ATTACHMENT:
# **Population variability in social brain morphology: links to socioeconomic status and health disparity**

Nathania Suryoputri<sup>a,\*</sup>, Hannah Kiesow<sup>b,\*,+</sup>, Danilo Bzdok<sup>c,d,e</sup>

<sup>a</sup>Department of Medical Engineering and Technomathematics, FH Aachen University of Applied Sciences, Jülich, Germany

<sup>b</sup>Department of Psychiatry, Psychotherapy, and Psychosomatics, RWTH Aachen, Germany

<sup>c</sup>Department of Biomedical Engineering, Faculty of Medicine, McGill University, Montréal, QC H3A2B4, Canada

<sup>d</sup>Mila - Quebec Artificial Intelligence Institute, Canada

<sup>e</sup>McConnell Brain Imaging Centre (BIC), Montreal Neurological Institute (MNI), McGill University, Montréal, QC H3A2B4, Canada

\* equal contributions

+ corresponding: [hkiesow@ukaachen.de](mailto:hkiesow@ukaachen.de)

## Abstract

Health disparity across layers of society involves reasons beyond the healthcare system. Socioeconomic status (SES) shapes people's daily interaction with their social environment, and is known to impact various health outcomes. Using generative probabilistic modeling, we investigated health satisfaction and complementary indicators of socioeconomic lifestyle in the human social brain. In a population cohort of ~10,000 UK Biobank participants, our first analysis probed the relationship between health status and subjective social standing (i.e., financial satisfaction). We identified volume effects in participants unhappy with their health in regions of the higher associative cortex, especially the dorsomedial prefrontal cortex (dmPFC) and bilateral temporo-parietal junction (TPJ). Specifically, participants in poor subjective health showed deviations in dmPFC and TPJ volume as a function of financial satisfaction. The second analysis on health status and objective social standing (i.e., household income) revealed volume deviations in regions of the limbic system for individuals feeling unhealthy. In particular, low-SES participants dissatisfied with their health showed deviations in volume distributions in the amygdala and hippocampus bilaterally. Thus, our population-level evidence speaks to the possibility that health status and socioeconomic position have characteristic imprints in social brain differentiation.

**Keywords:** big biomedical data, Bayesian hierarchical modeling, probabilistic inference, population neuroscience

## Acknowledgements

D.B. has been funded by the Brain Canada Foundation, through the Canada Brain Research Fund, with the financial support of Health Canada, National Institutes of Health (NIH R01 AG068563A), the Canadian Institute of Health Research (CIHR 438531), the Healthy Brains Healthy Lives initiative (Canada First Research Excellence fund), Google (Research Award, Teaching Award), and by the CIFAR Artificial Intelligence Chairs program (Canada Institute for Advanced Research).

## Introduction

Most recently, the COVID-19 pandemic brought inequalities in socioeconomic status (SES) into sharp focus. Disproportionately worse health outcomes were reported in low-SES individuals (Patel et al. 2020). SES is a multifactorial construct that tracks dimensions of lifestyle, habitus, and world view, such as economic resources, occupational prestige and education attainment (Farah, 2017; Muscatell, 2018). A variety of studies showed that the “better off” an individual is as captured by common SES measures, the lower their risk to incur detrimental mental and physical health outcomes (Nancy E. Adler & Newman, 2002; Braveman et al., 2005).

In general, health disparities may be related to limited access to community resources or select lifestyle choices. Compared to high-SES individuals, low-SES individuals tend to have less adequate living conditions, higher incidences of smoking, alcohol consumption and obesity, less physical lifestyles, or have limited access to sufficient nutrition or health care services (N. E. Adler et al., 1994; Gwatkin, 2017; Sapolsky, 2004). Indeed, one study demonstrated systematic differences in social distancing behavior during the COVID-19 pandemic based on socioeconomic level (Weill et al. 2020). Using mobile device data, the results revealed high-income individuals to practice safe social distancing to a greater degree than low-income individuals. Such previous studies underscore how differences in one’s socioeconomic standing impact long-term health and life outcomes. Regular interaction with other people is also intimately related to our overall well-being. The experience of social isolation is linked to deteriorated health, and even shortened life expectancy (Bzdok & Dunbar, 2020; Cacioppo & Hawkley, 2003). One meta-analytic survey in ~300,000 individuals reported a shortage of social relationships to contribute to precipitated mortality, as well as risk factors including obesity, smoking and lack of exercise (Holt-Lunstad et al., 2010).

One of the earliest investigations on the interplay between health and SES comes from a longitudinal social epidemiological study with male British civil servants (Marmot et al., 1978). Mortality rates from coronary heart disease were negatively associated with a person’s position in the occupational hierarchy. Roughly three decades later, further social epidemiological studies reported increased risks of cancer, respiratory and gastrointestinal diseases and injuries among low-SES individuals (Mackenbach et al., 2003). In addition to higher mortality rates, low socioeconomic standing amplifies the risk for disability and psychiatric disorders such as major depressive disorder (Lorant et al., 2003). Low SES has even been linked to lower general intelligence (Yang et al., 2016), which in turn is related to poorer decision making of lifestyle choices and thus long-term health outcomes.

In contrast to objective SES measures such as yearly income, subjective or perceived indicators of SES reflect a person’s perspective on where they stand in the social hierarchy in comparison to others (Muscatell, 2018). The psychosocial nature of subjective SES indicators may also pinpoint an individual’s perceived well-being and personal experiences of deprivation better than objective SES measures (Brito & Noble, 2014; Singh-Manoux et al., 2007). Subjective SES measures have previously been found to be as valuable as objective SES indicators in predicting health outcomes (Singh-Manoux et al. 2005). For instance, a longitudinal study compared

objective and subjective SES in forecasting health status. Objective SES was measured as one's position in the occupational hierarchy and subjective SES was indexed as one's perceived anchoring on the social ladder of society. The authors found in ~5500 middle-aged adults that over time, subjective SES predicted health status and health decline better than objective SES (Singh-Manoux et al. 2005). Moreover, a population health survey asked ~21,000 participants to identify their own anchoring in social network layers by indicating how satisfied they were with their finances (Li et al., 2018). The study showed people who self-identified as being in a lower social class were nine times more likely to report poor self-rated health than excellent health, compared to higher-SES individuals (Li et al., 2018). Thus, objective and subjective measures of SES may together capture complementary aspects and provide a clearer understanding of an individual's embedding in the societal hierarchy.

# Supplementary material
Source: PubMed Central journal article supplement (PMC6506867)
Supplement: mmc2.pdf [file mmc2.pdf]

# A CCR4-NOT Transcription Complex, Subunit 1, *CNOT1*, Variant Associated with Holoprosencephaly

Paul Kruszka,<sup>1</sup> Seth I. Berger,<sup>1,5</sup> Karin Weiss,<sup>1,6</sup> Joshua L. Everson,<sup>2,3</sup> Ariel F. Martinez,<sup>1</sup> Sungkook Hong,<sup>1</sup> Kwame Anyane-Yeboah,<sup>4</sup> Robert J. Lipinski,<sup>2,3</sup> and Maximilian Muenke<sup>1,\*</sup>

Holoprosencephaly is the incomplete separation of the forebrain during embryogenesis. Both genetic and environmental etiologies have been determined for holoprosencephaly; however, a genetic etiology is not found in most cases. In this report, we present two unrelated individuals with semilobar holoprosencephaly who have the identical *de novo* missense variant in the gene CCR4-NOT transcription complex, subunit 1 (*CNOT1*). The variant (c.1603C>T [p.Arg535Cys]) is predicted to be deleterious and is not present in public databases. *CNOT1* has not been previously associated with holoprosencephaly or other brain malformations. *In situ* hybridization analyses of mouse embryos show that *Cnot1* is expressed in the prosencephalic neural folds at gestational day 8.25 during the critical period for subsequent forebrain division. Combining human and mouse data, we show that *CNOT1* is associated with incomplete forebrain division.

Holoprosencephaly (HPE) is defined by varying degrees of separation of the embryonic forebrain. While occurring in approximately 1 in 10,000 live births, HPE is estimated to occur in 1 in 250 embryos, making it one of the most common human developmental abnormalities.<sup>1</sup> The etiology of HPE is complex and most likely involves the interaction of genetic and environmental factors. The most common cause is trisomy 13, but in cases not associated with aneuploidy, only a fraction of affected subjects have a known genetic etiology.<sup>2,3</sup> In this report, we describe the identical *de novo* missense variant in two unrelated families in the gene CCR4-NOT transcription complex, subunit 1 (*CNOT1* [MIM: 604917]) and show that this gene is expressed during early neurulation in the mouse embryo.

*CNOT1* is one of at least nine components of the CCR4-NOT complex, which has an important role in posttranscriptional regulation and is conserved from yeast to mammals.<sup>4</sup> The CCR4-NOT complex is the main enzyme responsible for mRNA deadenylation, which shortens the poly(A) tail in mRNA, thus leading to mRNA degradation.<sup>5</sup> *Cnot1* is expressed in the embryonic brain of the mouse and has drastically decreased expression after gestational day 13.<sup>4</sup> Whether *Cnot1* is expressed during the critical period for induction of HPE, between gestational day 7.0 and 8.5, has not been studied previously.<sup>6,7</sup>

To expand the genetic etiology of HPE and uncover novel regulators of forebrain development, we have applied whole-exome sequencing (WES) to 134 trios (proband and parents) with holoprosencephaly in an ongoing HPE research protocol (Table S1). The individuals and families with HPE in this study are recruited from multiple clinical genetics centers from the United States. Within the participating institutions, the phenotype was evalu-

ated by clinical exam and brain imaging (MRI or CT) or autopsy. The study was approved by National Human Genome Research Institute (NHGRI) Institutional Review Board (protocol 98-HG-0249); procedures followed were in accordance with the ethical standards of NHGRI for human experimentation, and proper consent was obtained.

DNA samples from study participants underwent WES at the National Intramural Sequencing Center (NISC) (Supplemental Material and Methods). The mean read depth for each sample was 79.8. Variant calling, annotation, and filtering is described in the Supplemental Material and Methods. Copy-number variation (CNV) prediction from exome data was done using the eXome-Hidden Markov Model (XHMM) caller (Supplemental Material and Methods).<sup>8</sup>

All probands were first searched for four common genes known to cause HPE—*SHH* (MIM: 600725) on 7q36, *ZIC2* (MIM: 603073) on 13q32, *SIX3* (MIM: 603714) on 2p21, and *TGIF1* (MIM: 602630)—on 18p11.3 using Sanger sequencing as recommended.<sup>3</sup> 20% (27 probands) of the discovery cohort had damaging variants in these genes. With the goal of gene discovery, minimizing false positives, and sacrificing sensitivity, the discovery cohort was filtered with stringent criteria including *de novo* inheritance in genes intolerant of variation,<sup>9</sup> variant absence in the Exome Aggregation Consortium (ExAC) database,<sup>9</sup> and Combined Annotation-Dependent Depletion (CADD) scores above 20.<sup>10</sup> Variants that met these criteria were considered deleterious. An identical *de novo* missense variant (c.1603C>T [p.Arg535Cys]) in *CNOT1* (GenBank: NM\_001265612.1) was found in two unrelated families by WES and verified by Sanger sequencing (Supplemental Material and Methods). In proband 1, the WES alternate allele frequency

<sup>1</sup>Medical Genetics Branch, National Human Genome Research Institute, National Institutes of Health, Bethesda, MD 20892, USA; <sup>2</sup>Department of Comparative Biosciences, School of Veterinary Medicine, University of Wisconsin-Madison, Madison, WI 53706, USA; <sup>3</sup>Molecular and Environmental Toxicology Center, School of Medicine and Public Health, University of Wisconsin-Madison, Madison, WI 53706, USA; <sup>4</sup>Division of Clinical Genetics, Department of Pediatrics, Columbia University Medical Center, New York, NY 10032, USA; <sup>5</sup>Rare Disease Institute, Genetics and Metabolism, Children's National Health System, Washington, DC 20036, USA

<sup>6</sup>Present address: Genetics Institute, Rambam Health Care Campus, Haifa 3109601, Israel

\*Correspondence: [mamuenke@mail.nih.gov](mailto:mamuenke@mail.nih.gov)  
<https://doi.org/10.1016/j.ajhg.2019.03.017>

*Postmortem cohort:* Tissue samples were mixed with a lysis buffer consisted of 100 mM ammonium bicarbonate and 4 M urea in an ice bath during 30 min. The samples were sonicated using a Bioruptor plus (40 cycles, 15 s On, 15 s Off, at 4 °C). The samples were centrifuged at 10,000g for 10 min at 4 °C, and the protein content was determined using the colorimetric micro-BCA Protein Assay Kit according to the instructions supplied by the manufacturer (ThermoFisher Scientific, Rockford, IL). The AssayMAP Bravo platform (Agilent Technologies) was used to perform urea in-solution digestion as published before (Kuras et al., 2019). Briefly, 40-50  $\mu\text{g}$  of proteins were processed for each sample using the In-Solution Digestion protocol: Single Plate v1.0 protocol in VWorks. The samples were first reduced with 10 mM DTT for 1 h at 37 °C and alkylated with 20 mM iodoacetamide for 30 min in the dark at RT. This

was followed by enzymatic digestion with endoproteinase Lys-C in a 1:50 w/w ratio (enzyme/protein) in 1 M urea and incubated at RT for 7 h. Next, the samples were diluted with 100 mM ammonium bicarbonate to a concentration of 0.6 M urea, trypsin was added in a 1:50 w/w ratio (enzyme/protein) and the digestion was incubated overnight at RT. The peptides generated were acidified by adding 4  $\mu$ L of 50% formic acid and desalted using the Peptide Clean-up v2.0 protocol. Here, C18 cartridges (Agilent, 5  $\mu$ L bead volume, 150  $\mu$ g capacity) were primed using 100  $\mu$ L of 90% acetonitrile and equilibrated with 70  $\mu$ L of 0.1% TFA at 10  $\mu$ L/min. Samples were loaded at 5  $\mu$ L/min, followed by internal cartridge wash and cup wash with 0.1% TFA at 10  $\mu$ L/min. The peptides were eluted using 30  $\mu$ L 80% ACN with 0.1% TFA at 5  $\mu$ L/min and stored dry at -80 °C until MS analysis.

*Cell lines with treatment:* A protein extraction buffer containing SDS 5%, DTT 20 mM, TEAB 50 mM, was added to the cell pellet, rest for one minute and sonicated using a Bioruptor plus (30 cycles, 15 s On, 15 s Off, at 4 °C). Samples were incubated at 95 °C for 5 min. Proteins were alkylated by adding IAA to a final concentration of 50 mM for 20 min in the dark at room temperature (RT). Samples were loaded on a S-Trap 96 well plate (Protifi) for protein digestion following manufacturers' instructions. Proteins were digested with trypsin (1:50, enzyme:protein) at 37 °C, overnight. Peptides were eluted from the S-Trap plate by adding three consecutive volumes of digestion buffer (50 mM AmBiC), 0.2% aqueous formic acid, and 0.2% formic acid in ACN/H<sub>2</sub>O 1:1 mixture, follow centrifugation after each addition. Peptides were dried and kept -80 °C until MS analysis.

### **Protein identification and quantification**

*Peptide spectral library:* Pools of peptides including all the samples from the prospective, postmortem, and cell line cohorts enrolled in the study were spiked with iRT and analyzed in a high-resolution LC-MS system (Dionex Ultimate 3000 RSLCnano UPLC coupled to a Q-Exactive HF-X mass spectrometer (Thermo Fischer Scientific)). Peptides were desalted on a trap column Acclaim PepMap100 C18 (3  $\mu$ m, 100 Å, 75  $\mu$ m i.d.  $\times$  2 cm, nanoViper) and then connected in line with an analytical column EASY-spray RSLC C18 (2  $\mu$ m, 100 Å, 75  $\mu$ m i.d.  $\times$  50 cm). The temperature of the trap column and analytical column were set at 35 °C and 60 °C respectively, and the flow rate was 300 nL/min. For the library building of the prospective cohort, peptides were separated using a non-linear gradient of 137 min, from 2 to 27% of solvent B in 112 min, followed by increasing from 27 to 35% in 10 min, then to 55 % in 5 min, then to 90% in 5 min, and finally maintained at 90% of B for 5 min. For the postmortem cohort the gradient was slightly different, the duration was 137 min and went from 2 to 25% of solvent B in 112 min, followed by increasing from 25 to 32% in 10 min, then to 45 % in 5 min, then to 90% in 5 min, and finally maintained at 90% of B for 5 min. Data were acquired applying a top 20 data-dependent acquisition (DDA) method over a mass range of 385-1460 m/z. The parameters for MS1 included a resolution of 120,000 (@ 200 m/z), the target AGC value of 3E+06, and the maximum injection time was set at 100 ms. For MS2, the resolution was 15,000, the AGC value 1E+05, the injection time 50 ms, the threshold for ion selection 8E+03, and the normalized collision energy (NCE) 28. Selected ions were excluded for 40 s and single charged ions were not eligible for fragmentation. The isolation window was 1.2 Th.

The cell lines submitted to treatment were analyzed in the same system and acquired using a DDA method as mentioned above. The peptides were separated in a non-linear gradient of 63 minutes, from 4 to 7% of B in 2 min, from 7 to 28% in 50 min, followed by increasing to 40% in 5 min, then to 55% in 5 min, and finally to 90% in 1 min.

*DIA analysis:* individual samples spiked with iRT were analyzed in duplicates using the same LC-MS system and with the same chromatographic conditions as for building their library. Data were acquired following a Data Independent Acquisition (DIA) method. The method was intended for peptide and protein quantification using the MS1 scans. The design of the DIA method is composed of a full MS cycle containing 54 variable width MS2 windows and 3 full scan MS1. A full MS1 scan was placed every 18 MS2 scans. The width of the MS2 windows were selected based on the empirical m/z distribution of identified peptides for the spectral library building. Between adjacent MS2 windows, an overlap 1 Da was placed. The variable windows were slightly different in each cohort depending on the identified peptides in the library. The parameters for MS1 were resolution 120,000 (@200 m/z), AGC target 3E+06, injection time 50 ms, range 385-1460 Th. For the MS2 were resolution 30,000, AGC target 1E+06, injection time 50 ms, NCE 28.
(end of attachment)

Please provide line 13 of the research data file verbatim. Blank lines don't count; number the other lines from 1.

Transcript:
## Acknowledgements